France has hit its highest ever recorded temperature -- 45.9 degrees Celsius -- amid a heatwave in Europe which is disrupting normal life, claiming lives as well as prompting governments to issue health alerts.
The new record was measured in the southern town of Gallargues-le-Montueux. Before this year, the previous record was 44.1 degrees Celsius recorded during a heatwave in 2003 that killed thousands.
France's weather service issued an unprecedented red alert for four areas -- all in the south, but most of the country remains on orange alert, the second highest level. About 4,000 schools have been shut in France, the BBC reported.
The heatwave has already caused flash floods and forest fires, grounded planes, buckled train tracks, led to school closures and warnings over air quality in Europe.
France has set up temporary water fountains in built-up areas and is allowing public pools to open late into the night.
French Health Minister Agnus Buzyn said she was concerned about the increase in calls to emergency service numbers as a result of the heatwave. She called on members of the public to avoid "risky behaviour" like leaving children in cars or jogging outside in the middle of the day.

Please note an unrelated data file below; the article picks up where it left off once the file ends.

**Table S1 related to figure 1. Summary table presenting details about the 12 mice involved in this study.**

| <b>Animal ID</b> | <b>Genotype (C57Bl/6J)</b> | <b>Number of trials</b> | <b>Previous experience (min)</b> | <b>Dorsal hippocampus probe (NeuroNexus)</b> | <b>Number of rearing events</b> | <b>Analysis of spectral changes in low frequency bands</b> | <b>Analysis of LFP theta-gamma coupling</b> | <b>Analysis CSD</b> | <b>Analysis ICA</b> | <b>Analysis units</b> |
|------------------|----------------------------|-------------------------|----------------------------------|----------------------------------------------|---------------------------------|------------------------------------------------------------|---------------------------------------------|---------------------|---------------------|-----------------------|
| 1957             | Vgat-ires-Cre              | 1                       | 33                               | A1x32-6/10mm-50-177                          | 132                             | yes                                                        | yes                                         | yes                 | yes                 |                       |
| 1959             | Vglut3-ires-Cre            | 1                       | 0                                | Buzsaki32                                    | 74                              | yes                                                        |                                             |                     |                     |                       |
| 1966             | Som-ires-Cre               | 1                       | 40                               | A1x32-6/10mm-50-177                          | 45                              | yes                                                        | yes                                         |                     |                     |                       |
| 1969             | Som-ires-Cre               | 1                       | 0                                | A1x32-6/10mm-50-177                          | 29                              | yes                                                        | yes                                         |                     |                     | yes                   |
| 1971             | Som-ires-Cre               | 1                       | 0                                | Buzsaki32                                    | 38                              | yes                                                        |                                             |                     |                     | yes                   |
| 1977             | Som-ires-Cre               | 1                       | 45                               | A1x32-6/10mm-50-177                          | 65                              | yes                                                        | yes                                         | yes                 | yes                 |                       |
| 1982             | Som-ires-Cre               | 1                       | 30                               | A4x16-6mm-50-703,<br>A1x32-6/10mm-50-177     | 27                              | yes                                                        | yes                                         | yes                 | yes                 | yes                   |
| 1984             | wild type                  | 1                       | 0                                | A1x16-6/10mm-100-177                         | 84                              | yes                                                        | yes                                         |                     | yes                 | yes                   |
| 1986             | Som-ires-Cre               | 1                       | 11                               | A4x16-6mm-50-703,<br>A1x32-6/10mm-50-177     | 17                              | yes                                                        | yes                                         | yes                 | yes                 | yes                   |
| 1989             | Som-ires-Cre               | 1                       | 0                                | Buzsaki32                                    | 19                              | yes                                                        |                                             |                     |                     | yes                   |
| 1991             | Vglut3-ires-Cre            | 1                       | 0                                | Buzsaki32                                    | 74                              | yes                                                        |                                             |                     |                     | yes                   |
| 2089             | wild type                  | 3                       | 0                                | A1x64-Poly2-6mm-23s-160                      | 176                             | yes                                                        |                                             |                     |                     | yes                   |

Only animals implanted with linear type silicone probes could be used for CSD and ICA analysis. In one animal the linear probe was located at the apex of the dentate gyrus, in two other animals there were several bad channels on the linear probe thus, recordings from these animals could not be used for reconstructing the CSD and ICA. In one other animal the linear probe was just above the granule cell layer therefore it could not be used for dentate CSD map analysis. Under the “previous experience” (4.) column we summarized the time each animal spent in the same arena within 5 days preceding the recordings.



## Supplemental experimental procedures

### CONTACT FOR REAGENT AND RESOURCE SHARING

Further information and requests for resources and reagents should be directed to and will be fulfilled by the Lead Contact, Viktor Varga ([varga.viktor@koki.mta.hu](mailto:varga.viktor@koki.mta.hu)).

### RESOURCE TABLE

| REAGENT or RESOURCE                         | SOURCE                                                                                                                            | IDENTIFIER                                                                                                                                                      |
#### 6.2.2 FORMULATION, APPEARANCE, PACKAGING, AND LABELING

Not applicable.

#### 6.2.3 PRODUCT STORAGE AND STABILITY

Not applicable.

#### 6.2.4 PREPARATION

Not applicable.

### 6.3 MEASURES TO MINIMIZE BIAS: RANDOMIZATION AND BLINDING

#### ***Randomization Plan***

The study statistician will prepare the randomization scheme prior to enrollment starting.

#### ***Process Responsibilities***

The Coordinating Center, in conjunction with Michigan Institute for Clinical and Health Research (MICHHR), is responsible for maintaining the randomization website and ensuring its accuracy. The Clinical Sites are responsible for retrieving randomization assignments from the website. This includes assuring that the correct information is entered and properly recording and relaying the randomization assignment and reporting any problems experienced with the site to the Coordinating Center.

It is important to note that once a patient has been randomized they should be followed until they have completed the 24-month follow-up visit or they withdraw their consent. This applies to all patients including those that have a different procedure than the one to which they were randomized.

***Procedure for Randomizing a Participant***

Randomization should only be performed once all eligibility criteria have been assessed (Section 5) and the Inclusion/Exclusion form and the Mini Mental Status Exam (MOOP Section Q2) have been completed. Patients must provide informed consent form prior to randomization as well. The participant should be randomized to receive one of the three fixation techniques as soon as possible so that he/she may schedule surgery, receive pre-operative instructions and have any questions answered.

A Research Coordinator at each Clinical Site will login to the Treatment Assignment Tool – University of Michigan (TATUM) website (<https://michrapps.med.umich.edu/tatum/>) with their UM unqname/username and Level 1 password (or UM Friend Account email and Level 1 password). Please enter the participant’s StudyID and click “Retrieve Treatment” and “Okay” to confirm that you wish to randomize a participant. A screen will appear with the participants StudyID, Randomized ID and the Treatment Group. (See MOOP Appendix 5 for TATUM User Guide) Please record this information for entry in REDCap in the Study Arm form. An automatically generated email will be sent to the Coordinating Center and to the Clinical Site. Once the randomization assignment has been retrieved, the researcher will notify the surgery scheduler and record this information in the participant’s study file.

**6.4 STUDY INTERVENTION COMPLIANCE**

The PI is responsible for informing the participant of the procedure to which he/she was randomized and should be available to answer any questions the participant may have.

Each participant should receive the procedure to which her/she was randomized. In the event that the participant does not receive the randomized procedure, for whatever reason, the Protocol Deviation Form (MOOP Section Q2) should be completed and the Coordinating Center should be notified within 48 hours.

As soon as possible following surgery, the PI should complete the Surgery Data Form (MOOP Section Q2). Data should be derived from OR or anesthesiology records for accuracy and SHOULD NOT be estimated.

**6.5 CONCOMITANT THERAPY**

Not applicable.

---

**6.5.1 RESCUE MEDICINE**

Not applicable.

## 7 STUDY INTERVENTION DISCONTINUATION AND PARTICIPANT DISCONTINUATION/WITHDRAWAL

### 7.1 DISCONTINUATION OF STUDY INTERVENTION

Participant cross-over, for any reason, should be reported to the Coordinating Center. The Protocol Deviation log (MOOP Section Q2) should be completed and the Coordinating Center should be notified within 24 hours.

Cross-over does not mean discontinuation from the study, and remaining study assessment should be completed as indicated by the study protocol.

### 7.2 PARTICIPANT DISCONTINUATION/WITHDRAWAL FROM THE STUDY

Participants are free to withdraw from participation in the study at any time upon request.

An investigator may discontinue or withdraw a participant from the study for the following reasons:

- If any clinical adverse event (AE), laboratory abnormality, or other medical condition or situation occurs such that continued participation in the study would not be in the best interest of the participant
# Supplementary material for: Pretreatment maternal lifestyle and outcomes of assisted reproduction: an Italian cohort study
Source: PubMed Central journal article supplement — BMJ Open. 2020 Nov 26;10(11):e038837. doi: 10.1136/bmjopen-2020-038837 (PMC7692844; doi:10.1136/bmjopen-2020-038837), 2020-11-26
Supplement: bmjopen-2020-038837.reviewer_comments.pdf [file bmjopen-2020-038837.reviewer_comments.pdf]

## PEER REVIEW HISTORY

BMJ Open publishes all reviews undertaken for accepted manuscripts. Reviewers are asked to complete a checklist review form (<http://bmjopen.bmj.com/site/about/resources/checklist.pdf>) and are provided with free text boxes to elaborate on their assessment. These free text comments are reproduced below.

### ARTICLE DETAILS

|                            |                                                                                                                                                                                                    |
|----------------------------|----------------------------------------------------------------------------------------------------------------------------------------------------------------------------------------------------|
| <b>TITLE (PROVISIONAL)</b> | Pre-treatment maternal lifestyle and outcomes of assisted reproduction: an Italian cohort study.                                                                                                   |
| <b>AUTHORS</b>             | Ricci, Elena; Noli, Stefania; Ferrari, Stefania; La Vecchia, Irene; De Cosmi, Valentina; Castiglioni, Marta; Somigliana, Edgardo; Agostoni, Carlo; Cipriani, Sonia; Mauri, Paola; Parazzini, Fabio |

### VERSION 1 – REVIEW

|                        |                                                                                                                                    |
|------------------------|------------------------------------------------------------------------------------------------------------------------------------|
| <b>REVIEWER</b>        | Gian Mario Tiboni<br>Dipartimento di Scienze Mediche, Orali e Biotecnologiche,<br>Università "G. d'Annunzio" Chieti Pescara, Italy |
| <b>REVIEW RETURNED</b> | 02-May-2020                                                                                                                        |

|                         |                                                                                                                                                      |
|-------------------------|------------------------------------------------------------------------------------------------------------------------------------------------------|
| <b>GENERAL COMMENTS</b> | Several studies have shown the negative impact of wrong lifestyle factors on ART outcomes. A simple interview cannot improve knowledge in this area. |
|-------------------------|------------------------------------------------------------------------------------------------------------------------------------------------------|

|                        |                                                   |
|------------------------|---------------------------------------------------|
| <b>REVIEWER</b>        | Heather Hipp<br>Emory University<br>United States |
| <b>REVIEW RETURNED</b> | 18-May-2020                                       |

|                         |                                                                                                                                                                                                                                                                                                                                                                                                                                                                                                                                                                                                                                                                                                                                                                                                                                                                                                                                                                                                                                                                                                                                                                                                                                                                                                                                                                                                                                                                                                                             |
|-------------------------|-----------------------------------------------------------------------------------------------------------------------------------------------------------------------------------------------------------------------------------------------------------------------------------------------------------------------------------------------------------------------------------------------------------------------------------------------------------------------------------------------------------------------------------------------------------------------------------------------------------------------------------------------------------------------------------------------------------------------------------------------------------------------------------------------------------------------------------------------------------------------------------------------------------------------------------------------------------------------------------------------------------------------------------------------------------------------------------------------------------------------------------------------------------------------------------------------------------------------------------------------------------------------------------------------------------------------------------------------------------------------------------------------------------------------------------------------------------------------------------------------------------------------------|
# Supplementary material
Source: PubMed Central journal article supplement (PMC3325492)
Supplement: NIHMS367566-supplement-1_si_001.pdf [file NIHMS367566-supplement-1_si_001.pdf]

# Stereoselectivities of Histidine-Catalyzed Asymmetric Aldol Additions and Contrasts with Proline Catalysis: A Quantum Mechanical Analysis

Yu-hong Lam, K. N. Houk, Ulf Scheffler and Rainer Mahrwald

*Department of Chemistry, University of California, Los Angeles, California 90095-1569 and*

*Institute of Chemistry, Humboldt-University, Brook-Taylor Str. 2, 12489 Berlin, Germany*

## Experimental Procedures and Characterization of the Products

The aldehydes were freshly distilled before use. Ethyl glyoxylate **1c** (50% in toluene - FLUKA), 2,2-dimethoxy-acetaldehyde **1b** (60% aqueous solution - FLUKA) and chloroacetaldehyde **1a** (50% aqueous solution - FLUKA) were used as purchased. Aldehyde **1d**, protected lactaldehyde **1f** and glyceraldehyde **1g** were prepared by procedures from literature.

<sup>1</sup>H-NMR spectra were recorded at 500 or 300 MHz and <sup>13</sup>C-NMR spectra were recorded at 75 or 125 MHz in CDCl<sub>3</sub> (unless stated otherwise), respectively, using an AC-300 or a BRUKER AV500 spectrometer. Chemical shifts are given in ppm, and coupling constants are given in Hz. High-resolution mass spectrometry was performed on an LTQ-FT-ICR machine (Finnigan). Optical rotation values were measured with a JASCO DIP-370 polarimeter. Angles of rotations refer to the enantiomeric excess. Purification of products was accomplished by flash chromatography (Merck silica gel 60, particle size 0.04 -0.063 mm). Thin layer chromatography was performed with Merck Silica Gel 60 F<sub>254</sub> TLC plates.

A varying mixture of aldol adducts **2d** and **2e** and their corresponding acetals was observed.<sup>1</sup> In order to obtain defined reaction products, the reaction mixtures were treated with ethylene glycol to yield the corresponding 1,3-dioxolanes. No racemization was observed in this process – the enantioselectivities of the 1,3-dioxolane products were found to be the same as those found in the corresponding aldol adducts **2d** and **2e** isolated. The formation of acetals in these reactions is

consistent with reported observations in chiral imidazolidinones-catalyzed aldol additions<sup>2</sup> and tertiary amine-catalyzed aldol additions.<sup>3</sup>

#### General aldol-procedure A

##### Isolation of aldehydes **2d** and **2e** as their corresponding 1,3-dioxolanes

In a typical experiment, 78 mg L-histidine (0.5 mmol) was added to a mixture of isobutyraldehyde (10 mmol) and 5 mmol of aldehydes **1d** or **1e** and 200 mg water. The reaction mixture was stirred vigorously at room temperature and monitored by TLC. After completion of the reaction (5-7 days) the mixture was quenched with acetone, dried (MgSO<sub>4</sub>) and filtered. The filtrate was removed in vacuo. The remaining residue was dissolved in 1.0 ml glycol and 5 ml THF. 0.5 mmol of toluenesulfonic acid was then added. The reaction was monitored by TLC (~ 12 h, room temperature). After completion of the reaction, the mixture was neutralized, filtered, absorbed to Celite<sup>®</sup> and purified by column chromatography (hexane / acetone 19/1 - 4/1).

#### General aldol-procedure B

Swathes of the continent are experiencing sweltering heat, with Germany, Poland, the Czech Republic and others recording their highest-ever June temperatures.
In Spain, firefighters are battling Catalonia's worst wildfires in 20 years. Eight provinces are on red alert while temperatures are expected to rise above 42 degrees Celsius in many areas.
The Italian Health Ministry reported emergency levels of heat in 16 cities, the BBC said.
Two people are believed to have died from suspected heatstroke in Spain. A 17-year-old farm worker in Cordoba, went into convulsions after cooling down in the farm swimming pool, while an 80-year-old man died on a street in Valladolid city.
In the UK, the police warned people of the dangers of cooling off in rivers and lakes after a 12-year-old girl drowned in the River Irwell in Greater Manchester.
Meteorologists blame hot air drawn in from northern Africa for the extreme heat, caused by high pressure over central Europe and a storm stalling over the Atlantic.